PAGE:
Bad tie rod symptoms

Updated February 21, 2017

Tie rods are a major part of your steering-tire system. Should your tie rods break, you could be at a serious risk of losing control of your car, resulting in an accident. However, before your tie rods fail completely, you should notice some symptoms and warning signs that the tie rods have started to go bad.

Shaky Steering Wheel

Typically, the first sign that tie rod is bad or starting to fail is a shaky steering wheel. This happens because the steering wheel is beginning to lose control or "communication" with the wheels. As this starts to happen, the steering wheel will fight for control, resulting in shaking and vibrating. This can be increasingly noticeable when you try to turn the wheel.

Vibrating Car

The second sign that a tie rod is bad and at risk of breaking is a vibrating car. At this stage, the steering wheel has lost nearly all control over the wheels, and as a result, the tires will start to move involuntarily and shake on their own. You will feel this symptom more as you speed up, slow down or as you turn corners.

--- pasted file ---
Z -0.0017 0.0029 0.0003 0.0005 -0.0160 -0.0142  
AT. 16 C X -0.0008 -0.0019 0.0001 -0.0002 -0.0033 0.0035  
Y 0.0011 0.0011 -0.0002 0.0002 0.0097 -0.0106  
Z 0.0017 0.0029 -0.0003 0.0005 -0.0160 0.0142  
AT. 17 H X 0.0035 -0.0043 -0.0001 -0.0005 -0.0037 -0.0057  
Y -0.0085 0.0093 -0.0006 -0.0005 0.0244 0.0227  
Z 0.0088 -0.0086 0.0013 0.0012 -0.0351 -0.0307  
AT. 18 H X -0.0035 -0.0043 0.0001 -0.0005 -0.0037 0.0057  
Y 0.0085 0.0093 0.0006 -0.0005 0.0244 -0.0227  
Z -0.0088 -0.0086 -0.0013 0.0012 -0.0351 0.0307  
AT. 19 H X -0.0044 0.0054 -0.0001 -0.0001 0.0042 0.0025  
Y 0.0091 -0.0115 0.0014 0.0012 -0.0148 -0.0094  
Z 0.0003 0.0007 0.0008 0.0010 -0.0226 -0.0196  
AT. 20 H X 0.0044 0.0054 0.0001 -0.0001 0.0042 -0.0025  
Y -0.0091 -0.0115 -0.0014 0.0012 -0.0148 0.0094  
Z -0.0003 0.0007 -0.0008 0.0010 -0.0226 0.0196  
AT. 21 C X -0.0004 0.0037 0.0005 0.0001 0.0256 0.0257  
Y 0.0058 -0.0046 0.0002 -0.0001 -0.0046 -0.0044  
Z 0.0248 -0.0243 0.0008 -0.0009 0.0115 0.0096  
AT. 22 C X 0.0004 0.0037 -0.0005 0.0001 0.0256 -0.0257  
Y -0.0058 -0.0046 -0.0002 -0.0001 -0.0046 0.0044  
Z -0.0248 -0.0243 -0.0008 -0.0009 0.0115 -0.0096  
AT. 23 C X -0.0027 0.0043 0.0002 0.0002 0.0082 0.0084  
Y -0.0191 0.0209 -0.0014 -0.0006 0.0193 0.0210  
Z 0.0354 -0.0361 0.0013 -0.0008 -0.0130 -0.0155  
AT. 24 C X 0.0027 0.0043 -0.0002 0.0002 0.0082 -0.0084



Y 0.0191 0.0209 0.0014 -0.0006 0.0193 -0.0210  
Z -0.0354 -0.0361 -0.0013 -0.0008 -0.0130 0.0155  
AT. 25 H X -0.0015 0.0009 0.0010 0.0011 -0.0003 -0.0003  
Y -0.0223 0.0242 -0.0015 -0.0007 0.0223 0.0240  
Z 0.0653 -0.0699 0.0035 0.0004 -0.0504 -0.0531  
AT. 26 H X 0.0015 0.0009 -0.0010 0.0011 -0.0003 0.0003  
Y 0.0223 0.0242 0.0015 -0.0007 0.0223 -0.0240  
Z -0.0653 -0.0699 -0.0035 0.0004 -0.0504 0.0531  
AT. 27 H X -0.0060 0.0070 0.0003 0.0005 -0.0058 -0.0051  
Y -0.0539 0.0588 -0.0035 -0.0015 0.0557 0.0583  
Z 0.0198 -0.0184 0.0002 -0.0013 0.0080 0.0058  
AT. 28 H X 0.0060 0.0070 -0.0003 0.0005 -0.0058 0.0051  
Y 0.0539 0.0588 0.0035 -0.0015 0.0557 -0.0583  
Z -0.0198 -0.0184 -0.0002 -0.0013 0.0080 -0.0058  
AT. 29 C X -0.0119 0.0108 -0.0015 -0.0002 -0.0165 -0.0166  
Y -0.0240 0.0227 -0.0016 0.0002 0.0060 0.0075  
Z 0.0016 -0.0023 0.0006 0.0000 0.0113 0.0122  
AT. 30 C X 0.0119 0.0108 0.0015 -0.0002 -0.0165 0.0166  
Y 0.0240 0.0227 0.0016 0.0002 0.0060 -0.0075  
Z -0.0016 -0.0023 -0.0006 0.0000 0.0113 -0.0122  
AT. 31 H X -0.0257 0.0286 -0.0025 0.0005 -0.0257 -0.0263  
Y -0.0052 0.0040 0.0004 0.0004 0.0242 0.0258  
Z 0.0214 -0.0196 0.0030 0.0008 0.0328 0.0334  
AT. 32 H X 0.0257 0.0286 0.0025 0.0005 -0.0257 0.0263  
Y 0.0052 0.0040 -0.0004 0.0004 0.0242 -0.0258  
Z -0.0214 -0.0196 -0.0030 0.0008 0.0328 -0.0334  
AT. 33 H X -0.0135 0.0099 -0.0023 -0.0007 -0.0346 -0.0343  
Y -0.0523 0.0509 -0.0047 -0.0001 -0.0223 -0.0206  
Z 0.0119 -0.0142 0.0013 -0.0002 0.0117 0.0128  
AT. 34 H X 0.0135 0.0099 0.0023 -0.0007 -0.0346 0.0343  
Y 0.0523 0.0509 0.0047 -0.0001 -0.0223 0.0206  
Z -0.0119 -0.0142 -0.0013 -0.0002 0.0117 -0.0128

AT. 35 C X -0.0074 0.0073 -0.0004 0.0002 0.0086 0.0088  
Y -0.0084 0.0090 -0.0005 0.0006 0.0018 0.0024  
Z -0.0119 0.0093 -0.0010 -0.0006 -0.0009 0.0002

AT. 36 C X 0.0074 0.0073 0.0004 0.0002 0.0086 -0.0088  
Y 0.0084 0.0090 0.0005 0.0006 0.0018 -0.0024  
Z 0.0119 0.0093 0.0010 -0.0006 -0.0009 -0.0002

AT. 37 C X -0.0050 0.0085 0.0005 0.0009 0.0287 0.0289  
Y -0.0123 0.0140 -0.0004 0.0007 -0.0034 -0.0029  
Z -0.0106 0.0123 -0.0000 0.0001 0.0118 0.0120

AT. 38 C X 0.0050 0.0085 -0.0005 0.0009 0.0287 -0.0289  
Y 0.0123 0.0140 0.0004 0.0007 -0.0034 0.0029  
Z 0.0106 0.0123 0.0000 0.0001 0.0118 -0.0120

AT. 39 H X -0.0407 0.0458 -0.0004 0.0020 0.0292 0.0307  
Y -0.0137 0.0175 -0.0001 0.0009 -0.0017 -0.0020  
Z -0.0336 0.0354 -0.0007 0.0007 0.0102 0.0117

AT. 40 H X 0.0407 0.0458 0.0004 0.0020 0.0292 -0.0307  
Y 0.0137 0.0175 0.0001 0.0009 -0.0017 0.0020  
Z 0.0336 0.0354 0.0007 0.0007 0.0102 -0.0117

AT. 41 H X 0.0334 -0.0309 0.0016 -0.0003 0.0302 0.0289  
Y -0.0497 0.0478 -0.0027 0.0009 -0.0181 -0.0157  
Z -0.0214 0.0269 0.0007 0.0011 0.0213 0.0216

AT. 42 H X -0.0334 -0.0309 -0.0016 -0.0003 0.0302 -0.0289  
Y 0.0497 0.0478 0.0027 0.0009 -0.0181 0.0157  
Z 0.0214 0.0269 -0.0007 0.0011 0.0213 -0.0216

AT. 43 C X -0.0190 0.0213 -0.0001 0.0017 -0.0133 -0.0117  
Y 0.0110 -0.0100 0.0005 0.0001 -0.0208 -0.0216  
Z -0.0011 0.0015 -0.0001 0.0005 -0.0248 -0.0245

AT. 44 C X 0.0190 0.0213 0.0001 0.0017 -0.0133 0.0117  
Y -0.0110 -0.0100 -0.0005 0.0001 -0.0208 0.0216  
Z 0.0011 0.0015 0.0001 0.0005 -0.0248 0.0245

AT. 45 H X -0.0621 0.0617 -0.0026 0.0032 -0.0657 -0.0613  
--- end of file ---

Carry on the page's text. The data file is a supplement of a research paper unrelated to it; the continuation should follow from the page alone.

Wandering Car

The last sign--and most severe--of a bad tie rod is when your car starts wandering. At this point, the tie rods have completely failed or have been severely damaged. The steering will have also lost most, if not all, of its control over the wheels. Without control, the car will wander without any input from the steering wheel. This can result in a car accident and/or serious injuries. If you feel that your car "wanders," you should take it to a mechanic immediately.

Cite this Article A tool to create a citation to reference this article Cite this Article

About the Author

Andrea Griffith has been writing professionally since 2005. Her work has been published by the "Western Herald," Detroit WDIV, USAToday and other print, broadcast and online publications. Although she writes about a wide range of topics, her areas of expertise include fashion, beauty, technology and education. She holds a Bachelor of Arts in journalism and English from Western Michigan University.